An online archive exploring the lives of Victorian criminals also offers pupils the chance to write prize-winning stories. Valerie Hall reports
As Dickens showed in Oliver Twist, picking a pocket or two was one of the few survival options available to poverty-stricken young people in Victorian times. Now, primary pupils can find out about the squalid world of the real Artful Dodgers of the time - and much more - through the Victorian Voices project, which includes online archive material and a short story competition.
Among the 65 archive sources provided by the Archive Awareness Campaign as inspiration for short stories is the criminal record of Edith Rose, who was convicted of stealing necklaces, boots and blouses and served several terms of hard labour. In her mugshot (below), the jaunty angle of her hat accentuates her defiant expression.
Other records include images of fellow child criminals convicted for petty crimes such as stealing bread, records of school meals and timetables in 19th-century schools, a letter detailing a suspected chloroform overdose, a girl's diary, and a list of paupers chosen for emigration to Canada.
The archive material is complemented by an online resource pack comprising around 100 documents and lesson plans covering work, school, religion, family and leisure, illness and death, crime, punishment and law, and overseas conflicts, such as the Crimean and Boer wars.
The pack reveals the vast chasm between rich and poor, which existed despite Britain's then status as the wealthiest nation in the world and the fact that much of the globe was coloured British Empire pink.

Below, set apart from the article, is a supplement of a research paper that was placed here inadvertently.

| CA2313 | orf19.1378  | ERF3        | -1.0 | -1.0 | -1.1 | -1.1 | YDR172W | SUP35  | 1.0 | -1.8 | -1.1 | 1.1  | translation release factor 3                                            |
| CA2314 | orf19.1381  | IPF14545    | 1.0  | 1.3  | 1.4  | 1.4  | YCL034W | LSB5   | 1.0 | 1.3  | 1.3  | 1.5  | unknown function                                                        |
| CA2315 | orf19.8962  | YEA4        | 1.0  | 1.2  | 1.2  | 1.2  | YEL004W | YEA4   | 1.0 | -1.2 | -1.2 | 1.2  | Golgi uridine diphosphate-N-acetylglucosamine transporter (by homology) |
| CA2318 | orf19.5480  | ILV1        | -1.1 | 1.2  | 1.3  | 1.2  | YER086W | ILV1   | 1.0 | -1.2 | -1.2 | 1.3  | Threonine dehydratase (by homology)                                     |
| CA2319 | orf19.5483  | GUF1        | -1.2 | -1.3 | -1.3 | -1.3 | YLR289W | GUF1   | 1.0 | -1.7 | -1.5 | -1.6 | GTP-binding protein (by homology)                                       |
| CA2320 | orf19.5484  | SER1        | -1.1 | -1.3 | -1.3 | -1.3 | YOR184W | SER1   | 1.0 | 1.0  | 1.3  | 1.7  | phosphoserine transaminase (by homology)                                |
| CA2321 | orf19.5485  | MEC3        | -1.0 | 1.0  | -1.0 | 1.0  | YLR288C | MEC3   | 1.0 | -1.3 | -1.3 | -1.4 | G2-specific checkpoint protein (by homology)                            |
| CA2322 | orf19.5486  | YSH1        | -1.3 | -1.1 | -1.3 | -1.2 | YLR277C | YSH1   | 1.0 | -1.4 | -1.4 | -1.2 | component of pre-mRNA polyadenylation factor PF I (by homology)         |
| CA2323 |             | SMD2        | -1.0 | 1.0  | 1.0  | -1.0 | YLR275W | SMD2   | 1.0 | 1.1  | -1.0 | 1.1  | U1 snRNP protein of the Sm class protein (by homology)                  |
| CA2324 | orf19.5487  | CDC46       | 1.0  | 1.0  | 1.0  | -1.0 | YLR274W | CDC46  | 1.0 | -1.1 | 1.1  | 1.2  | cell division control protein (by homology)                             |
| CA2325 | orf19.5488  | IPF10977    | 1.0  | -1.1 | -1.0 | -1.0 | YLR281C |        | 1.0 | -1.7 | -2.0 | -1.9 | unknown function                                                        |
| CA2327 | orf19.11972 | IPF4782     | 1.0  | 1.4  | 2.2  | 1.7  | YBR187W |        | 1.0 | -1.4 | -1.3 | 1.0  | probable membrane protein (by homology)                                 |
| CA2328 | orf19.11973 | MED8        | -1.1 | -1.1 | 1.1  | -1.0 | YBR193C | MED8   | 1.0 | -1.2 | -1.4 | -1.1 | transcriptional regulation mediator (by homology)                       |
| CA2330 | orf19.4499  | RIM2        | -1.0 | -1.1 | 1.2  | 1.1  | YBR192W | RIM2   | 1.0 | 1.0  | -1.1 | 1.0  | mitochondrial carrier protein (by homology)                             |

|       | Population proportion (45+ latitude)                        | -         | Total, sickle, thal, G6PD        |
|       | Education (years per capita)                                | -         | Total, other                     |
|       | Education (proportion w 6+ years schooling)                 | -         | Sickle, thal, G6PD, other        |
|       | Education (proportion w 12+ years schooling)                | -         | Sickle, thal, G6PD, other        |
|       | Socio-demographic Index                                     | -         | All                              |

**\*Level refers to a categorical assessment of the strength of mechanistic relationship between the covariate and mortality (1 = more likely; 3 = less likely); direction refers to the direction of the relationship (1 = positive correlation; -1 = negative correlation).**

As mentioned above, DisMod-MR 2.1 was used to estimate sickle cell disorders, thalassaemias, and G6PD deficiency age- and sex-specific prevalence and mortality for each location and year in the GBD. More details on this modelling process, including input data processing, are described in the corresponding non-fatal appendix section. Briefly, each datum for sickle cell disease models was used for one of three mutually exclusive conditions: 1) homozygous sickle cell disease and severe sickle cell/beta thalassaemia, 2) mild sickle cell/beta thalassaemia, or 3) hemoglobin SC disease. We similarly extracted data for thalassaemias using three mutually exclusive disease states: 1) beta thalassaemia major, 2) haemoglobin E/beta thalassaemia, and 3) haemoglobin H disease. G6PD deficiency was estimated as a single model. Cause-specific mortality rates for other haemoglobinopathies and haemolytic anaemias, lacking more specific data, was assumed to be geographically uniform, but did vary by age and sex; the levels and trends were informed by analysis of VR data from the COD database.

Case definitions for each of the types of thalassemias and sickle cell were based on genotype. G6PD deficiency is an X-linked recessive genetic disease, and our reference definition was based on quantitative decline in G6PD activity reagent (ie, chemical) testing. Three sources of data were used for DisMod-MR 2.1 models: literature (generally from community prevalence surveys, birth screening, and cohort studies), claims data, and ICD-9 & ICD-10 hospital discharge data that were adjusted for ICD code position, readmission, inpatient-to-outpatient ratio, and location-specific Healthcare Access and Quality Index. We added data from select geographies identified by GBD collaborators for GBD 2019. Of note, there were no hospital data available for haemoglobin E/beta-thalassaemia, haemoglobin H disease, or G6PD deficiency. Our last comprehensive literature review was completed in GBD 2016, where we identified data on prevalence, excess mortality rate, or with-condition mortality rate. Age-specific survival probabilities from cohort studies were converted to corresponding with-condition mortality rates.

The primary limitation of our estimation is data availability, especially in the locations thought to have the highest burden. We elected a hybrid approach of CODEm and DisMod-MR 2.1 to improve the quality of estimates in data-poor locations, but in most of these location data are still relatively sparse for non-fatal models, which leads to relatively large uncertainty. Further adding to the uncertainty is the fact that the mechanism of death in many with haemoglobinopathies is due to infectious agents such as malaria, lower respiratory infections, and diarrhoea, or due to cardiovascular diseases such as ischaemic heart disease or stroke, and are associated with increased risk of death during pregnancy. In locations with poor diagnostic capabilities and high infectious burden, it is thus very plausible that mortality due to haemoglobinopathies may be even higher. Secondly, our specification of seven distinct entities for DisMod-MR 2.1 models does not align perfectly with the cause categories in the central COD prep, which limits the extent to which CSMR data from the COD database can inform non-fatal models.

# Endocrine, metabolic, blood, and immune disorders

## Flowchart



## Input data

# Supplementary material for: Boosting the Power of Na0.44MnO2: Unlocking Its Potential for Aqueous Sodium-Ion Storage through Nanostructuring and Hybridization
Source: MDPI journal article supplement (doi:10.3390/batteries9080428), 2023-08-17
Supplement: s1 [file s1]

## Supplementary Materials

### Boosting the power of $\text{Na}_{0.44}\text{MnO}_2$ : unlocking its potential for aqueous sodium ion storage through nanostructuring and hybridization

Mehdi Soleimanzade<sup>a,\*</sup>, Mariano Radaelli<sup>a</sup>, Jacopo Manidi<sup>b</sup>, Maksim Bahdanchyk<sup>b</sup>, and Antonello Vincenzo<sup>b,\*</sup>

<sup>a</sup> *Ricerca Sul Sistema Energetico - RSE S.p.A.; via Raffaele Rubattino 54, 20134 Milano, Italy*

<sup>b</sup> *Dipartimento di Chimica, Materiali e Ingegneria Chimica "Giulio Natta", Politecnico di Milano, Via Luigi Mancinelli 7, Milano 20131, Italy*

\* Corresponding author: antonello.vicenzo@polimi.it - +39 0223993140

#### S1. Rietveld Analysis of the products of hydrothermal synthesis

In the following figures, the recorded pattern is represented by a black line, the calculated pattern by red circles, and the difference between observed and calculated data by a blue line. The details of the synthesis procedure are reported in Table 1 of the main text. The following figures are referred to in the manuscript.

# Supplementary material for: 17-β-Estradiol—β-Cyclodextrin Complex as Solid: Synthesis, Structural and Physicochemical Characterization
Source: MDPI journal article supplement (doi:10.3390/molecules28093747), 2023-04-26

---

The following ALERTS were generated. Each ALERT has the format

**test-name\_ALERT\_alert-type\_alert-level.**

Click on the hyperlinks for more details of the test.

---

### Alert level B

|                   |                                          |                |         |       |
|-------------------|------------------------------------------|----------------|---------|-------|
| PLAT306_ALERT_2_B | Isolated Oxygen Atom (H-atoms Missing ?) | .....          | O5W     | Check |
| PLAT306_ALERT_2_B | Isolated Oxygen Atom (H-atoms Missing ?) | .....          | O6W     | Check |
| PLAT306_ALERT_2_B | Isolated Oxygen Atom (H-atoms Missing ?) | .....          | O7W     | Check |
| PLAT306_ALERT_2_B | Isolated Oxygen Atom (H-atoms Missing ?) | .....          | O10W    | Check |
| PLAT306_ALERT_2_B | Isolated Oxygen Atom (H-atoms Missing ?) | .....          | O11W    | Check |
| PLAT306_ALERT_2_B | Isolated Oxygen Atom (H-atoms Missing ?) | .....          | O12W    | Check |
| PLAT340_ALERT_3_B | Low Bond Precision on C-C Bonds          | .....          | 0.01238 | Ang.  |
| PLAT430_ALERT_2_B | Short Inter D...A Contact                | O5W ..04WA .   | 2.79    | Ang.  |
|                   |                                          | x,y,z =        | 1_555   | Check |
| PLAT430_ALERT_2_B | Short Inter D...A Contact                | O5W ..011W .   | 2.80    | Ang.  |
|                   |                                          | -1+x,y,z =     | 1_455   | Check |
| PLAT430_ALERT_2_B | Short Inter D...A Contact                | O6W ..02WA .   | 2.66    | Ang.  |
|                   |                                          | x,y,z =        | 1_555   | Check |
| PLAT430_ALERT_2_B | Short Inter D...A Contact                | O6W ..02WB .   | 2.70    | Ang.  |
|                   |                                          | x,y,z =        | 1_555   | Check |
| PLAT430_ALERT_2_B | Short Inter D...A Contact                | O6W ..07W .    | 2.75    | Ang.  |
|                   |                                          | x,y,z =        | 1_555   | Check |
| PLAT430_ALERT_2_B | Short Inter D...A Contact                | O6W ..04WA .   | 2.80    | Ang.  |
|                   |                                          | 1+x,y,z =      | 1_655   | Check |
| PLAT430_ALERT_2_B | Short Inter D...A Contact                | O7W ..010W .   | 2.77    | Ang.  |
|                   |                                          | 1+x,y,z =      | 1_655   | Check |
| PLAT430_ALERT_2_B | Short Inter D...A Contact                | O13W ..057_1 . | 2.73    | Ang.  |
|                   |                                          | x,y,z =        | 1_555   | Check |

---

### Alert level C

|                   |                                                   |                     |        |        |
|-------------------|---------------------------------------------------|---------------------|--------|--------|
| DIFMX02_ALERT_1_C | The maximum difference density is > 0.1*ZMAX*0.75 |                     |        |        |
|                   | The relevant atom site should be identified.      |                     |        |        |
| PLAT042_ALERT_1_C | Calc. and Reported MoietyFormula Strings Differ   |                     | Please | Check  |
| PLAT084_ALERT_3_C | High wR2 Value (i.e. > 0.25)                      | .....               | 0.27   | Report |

It also describes the great social, scientific and economic changes that took place and people's mass migration from the countryside to towns to work in the factories constructed during the Industrial Revolution.
However, as children will discover first-hand, for those who could not work, the workhouse or a life of crime were the only options. Those captured by the newly introduced police force were imprisoned, flogged, sent to penal colonies abroad or even sentenced to death.
For the competition, children in Years 3-4 and 5-6 (primary 4-5 and 6-7 in Scotland) are required to write up to 600 words by December 21. The judging panel includes children's author Ad le Geras and historian Tristram Hunt. Prizes include books and Adobe software for the school, Usborne books for the children and the chance to work with a design expert creating a cover for their story. Entries to: Lucy Fulton, Archive Awareness Campaign, co The National Archives, Kew, Richmond, Surrey TW9 4DU.